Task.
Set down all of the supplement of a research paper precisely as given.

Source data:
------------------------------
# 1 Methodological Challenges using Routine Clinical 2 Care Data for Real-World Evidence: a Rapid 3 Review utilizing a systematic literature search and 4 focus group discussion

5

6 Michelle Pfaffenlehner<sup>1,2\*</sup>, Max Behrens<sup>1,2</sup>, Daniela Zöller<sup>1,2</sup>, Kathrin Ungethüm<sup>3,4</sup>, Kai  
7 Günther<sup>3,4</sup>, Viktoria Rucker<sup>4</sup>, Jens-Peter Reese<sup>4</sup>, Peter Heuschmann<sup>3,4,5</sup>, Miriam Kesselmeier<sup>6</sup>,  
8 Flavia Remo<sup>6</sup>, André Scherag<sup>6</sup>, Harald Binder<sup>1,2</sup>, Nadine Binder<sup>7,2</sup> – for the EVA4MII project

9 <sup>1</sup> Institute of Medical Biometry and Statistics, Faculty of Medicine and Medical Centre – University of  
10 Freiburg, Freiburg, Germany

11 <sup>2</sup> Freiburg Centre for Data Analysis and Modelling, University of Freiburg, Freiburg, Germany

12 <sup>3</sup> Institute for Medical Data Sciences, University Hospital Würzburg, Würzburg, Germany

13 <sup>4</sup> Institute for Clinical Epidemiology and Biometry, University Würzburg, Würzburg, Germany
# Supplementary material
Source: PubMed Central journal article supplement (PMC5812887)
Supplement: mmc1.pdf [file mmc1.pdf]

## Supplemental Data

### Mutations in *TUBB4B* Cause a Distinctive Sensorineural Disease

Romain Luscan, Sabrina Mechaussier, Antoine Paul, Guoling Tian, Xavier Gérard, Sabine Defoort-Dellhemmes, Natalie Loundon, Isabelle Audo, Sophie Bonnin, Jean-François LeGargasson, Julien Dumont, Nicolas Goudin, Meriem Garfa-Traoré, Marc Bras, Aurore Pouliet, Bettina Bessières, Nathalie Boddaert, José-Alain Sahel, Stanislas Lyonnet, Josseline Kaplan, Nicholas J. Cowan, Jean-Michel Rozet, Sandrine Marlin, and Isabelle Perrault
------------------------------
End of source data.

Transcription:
# 1 Methodological Challenges using Routine Clinical 2 Care Data for Real-World Evidence: a Rapid 3 Review utilizing a systematic literature search and 4 focus group discussion

5

6 Michelle Pfaffenlehner<sup>1,2\*</sup>, Max Behrens<sup>1,2</sup>, Daniela Zöller<sup>1,2</sup>, Kathrin Ungethüm<sup>3,4</sup>, Kai  
7 Günther<sup>3,4</sup>, Viktoria Rucker<sup>4</sup>, Jens-Peter Reese<sup>4</sup>, Peter Heuschmann<sup>3,4,5</sup>, Miriam Kesselmeier<sup>6</sup>,  
8 Flavia Remo<sup>6</sup>, André Scherag<sup>6</sup>, Harald Binder<sup>1,2</sup>, Nadine Binder<sup>7,2</sup> – for the EVA4MII project

9 <sup>1</sup> Institute of Medical Biometry and Statistics, Faculty of Medicine and Medical Centre – University of  
10 Freiburg, Freiburg, Germany

11 <sup>2</sup> Freiburg Centre for Data Analysis and Modelling, University of Freiburg, Freiburg, Germany

12 <sup>3</sup> Institute for Medical Data Sciences, University Hospital Würzburg, Würzburg, Germany

13 <sup>4</sup> Institute for Clinical Epidemiology and Biometry, University Würzburg, Würzburg, Germany
# Supplementary material
Source: PubMed Central journal article supplement (PMC5812887)
Supplement: mmc1.pdf [file mmc1.pdf]

## Supplemental Data

### Mutations in *TUBB4B* Cause a Distinctive Sensorineural Disease

Romain Luscan, Sabrina Mechaussier, Antoine Paul, Guoling Tian, Xavier Gérard, Sabine Defoort-Dellhemmes, Natalie Loundon, Isabelle Audo, Sophie Bonnin, Jean-François LeGargasson, Julien Dumont, Nicolas Goudin, Meriem Garfa-Traoré, Marc Bras, Aurore Pouliet, Bettina Bessières, Nathalie Boddaert, José-Alain Sahel, Stanislas Lyonnet, Josseline Kaplan, Nicholas J. Cowan, Jean-Michel Rozet, Sandrine Marlin, and Isabelle Perrault